'Trash Catchers' a novel solution for capturing and recycling ocean debris

We all know that plastic waste doesn’t get into the oceans of the world by itself. Rivers that flow from inland areas to the seas have increasingly been identified as major transporters of marine litter. According to a report from Waste Free Oceans (WFO; Brussels), researchers at the Helmholtz Institute, one of a group of scientific research centers located throughout Germany, analyzed dozens of articles on plastic pollution in waterways, with samplings at 79 sites along 57 rivers around the world.

Trash Catcher
Trash Catchers can be easily pulled by boats to collect waste floating on the surface of waterways.

They found that the top 10 rivers carrying the largest amount of plastic waste accounted for 88 to 95% of the total global load of plastics in the oceans. Halving plastic pollution in these 10 waterways—eight of which are in Asia and two in Africa—could potentially reduce the total contribution by all rivers by 45%.

It has been estimated in previous research that the Yangtze dumps some 727 million pounds of plastic into the sea each year. The Ganges River in India is responsible for even more—about 1.2 billion pounds.

The rivers with the highest estimated plastic loads are characterized by a large population and “high rate of mismanaged plastic waste product per capita as a result of a not fully implemented municipal waste management system,” according to lead researcher Christine Schmidt. WFO is focused on collecting and recycling ocean plastic, and determined that these rivers are ideal locations to place its plastics filtration nets, called Trash Catchers.

The Trash Catchers, created by Thierry Thomazeau, President and founder of Thomsea, a company specialized in developing ways to clean up ocean debris, can collect floating debris without significant bycatch, as the trawl only extends into the waters by 70 cm, said WFO.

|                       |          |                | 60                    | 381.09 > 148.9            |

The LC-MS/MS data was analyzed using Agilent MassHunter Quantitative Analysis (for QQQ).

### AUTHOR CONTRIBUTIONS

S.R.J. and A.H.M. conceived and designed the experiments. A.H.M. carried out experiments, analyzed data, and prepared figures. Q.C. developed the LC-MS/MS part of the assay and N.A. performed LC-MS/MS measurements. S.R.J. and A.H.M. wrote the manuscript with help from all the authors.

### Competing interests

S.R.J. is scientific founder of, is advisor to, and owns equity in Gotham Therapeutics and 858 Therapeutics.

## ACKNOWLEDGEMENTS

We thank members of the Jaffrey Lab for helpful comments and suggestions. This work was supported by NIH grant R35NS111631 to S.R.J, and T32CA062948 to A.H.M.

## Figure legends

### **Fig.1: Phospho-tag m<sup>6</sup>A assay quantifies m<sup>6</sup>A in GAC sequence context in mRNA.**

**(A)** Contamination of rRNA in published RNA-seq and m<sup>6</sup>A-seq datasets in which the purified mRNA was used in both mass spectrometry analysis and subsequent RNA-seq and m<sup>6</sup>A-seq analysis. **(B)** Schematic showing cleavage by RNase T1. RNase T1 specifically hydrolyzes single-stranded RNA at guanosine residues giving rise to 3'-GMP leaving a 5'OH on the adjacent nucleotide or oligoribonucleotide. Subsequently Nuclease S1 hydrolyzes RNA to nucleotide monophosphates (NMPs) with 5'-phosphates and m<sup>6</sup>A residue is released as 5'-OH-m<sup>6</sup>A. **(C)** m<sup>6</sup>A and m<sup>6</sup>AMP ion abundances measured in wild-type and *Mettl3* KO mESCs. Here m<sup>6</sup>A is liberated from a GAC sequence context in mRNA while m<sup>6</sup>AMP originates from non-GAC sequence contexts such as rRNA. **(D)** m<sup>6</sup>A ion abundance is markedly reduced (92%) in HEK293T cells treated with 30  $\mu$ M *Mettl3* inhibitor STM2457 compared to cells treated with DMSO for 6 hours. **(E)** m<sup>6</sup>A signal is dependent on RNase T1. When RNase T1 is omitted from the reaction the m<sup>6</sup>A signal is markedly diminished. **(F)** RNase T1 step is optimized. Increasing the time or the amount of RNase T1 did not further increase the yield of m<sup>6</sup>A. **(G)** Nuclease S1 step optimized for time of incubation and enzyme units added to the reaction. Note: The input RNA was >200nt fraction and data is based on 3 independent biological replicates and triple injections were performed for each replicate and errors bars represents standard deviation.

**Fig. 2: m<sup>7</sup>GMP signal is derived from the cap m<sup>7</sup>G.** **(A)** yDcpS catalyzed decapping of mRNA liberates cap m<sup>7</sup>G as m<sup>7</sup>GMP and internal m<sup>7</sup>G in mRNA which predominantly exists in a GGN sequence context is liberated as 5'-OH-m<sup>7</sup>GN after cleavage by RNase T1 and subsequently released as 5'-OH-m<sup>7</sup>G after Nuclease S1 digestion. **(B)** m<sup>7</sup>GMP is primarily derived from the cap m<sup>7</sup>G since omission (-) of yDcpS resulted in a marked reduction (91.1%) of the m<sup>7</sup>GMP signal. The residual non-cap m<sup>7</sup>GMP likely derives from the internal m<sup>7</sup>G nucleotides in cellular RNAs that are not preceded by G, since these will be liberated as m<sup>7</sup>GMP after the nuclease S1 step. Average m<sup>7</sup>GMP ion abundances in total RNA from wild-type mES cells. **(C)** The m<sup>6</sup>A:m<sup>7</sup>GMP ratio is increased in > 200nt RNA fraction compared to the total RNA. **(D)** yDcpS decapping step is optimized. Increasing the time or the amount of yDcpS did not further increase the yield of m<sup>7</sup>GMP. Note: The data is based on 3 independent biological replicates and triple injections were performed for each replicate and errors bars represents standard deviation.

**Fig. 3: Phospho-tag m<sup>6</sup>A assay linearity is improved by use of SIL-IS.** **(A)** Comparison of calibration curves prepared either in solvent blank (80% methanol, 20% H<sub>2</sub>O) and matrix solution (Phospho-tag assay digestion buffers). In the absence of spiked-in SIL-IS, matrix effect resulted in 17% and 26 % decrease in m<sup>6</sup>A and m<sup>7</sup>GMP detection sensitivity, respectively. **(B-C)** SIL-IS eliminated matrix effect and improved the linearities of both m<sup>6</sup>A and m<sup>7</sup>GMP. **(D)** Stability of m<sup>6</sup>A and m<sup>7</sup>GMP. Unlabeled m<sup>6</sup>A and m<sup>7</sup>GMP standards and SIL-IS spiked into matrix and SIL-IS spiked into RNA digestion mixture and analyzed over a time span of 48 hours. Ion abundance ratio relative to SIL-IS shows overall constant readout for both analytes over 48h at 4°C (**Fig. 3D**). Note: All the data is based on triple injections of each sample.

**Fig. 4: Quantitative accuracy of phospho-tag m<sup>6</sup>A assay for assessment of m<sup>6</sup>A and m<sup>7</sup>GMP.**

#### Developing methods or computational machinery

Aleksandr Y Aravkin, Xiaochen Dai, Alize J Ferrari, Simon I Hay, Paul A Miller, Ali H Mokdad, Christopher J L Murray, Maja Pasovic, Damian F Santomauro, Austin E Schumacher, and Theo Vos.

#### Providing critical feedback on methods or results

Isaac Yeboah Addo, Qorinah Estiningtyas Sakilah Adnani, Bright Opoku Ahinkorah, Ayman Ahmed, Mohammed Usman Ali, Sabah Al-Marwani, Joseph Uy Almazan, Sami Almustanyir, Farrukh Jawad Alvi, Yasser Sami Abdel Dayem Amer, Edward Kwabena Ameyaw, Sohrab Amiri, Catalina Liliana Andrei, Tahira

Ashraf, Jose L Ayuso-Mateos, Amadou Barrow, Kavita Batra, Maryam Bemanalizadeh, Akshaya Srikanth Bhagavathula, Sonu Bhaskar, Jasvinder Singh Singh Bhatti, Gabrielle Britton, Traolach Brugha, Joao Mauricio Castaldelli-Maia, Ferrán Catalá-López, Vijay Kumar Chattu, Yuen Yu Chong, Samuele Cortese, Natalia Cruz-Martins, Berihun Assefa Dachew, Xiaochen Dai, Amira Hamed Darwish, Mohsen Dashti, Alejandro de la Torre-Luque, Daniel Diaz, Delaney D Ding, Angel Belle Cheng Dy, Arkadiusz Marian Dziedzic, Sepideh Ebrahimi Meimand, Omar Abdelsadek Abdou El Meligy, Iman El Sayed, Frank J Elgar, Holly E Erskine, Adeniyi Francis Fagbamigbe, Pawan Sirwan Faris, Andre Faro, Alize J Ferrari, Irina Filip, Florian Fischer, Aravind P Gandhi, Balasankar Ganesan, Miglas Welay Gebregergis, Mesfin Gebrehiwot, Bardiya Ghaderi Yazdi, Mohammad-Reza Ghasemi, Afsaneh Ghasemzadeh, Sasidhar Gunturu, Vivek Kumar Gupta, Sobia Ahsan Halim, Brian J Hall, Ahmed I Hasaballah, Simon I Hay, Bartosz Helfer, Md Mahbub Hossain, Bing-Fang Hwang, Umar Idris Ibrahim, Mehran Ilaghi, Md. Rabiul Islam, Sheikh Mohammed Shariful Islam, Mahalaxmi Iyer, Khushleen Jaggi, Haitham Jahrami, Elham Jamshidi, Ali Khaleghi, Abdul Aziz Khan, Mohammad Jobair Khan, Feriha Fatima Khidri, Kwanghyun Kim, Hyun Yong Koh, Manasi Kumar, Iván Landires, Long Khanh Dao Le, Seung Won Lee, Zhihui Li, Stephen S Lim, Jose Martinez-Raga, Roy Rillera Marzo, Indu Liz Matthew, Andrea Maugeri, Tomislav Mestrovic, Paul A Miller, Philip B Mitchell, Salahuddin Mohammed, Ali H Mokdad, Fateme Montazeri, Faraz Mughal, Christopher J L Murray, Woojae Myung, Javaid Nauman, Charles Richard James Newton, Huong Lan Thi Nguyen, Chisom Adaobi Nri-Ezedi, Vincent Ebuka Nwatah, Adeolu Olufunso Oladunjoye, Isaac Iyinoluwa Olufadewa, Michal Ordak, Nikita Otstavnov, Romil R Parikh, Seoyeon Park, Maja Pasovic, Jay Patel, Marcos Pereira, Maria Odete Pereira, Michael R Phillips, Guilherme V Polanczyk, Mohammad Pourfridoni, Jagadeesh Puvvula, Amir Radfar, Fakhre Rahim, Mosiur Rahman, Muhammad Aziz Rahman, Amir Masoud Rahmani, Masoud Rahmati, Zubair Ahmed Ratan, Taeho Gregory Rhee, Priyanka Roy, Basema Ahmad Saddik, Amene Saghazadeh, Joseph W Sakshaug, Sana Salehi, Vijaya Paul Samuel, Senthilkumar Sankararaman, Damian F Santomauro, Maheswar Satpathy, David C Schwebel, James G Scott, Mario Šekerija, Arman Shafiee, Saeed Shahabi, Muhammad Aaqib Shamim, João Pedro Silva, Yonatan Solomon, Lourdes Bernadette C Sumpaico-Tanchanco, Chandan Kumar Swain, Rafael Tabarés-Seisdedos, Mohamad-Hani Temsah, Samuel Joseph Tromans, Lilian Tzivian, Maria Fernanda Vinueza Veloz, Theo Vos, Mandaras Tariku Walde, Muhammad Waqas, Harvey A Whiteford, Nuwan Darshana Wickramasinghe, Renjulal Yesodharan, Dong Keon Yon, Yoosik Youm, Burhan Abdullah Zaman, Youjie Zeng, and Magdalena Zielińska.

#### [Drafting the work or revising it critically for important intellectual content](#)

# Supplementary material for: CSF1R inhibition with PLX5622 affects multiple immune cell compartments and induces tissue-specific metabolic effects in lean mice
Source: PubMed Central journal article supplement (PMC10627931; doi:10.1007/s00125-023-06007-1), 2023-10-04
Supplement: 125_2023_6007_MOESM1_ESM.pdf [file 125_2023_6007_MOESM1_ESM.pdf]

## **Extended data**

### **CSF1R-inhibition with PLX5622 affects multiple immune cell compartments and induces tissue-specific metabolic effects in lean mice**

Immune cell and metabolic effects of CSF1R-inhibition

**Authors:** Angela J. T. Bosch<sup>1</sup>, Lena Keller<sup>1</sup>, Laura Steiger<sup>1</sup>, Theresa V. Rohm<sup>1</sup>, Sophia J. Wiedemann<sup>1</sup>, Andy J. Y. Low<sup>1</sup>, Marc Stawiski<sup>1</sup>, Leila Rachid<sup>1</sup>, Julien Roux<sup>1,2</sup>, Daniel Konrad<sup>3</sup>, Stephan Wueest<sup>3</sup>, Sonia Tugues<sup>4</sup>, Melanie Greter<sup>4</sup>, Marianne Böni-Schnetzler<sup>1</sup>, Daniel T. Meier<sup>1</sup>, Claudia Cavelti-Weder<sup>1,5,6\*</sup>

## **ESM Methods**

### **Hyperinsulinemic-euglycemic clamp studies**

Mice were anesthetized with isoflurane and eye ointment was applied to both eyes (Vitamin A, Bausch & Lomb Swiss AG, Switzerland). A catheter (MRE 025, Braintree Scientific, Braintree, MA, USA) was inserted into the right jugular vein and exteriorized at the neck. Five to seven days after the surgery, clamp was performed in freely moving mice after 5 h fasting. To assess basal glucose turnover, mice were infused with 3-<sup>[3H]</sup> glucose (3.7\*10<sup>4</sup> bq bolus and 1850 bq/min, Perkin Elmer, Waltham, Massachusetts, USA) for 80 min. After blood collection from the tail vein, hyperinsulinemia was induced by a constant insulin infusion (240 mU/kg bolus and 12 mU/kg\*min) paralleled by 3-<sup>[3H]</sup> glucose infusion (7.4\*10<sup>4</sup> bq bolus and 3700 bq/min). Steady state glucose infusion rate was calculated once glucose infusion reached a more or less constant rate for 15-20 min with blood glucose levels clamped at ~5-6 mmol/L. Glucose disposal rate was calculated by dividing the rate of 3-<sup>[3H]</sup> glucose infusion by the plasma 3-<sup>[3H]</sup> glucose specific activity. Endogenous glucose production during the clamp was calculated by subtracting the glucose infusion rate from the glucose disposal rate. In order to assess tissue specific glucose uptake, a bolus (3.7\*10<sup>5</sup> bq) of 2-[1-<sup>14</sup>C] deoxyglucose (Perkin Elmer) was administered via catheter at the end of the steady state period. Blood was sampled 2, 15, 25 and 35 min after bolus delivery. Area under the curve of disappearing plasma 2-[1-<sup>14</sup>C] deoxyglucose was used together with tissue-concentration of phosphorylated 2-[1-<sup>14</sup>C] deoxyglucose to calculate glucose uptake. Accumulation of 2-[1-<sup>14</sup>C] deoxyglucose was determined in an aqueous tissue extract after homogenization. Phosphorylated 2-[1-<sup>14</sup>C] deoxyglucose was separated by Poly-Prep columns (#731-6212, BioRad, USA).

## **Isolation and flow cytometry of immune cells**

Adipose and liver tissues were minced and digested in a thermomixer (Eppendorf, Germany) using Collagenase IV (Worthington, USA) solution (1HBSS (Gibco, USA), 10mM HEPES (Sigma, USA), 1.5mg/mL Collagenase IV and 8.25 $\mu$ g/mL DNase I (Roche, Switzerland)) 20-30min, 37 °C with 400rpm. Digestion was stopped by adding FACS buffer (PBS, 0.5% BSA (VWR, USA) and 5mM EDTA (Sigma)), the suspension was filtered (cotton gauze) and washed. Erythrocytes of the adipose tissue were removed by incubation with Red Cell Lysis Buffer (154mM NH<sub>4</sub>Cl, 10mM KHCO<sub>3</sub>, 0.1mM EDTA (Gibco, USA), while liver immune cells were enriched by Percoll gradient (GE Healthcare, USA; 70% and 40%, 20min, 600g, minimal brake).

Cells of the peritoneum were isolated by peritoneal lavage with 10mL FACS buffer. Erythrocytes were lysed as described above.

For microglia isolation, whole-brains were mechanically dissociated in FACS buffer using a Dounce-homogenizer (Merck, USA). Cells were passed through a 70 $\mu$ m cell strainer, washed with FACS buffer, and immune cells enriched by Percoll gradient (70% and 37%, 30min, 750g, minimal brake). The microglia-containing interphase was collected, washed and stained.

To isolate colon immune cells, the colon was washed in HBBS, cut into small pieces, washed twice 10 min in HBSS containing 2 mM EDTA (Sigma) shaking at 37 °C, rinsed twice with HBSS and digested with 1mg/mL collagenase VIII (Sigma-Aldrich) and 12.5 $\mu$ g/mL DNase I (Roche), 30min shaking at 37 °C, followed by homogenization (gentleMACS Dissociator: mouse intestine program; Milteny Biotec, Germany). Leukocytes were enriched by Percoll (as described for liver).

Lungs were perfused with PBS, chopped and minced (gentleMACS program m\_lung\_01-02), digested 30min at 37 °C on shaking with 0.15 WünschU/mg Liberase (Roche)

The filtration nets, successfully trailed at harbors and coasts in Europe, can be easily pulled by boats navigating small rivers or placed in a river bed, collecting waste floating on the water’s surface. Once the collection net is full, the accumulated debris is retrieved from the water with a crane and taken to local waste sorting and recycling centers.

After separating and cleaning the waste, it can be transformed into new raw material for product creation. Where contamination levels are too high, the catch can be used for energy generation. Waste Free Oceans then partners with brands wanting to use retrieved debris to contribute to a circular economy.

WFO is currently preparing the installation of its debris catcher in a river channel in Mumbai. Setting up collection nets to gather floating plastic in waste hotspots and combining it with the development of infrastructures to recycle and recover debris is the way forward, said the WFO.        

WFO noted that coastal cities, waste-polluted rivers and areas with large waste accumulation can install the Trash Catcher nets as a long-term answer to debris, thus eliminating hand picking via beach cleanups. WFO adds that it is looking to set up partnerships with any organization willing to support the vision of a cleaner world.

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